News Day Round Up [June 1, 2017] - P.O.W. Report

Thursday, June 1, 2017

News Day Round Up [June 1, 2017]


Half Of Alaska’s Commercial Dairy Farming Is Shutting Down Due To Labor Shortage


One of Alaska’s two commercial dairy farms is closing for the summer because the owners cannot find reliable workers, according to the Fairbanks Daily News-Miner.

Northern Lights Dairy, six hours northwest of Anchorage, sent its last delivery earlier this month and will remain closed until at least the fall. “We’re hoping this is temporary,” co-owner Lois Lintelman told the Daily News-Miner. “We’re hoping that the problem with not having help will be fixed.”

Northern Lights Dairy is one of two commercial dairy farms in the entire state of Alaska, according to Greg Booher, a dairy consultant. It has been in business since 1978 and supplied dairy products to stores and military outposts throughout Alaska.

The couple said that one reason they are having trouble finding reliable work is due to construction at nearby Fort Greeley, where the government is installing a ground-based midcourse missile defense interceptors.

“A farmer can’t pay the wages that they’re getting at Fort Greely, and that’s what everyone thinks they should get,” Lois Lintleman said. “How can a farmer pay $20 to $30 an hour?”

In 1959, there were 525 dairy farms in the United States that accounted for nearly half of the states’ agricultural production. The largest state-owned dairy farm, the Matanuska Maid dairy in Anchorage, closed in 2008.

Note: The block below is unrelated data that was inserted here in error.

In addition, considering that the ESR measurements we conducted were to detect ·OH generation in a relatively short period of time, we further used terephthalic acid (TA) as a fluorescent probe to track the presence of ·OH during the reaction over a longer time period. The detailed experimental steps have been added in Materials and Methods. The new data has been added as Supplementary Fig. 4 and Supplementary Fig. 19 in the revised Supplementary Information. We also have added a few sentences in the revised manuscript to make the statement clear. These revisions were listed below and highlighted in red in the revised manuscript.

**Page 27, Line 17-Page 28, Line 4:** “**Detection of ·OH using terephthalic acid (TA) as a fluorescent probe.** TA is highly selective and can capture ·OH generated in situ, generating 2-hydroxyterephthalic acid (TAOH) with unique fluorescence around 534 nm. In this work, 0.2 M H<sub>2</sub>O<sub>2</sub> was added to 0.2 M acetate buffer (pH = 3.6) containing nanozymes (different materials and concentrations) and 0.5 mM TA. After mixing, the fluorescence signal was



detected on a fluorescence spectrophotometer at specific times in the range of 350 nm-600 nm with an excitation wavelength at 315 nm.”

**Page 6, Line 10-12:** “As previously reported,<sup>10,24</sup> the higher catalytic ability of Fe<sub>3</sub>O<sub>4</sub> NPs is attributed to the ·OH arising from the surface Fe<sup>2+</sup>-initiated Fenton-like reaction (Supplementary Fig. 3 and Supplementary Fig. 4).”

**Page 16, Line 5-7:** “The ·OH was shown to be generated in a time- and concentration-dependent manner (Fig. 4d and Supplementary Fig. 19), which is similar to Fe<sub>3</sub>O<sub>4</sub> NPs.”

The problem in Alaska is also a part of a wider issue for America’s dairy farmers. While prices on dairy products have dropped in recent years, milk production in the U.S. isn’t slowing down. (RELATED: Congress Asks USDA To Bail Out Dairy Industry)

Milk prices dropped by 40 percent since 2014, and the nation’s cheese stocks were recorded at their highest level since data was first recorded in 1917. [Read the Full Story here]

Alaska’s cruise industry just keeps getting bigger


The cruise industry in Alaska is getting bigger, in more ways than one. The state is seeing larger ships traverse its waters, and new companies are on their way to debuting cruise itineraries here.
Between the ships that came to Alaska in 2015 and those scheduled to arrive in the summer of 2018, average ship tonnage will have grown by 16 percent, and capacity will have grown about 14 percent, according to numbers from Cruise Lines International Association Alaska.

“A lot of the growth is in those smaller ports,” said John Binkley, president of CLIA Alaska. He pointed to Hoonah, Whittier and Wrangell as a few places that have seen an uptick in activity recently or will see it soon.

Much of the recent capacity growth in the industry as a whole in Alaska has come from larger ships replacing smaller ones, he said. But there are also more ships visiting Alaska waters than in previous years.

New companies have their sights set on Alaska in coming years; Azamara Club Cruises, Viking Cruises and Cunard Line are all planning 2019 itineraries here. Windstar Cruises is also coming in 2018.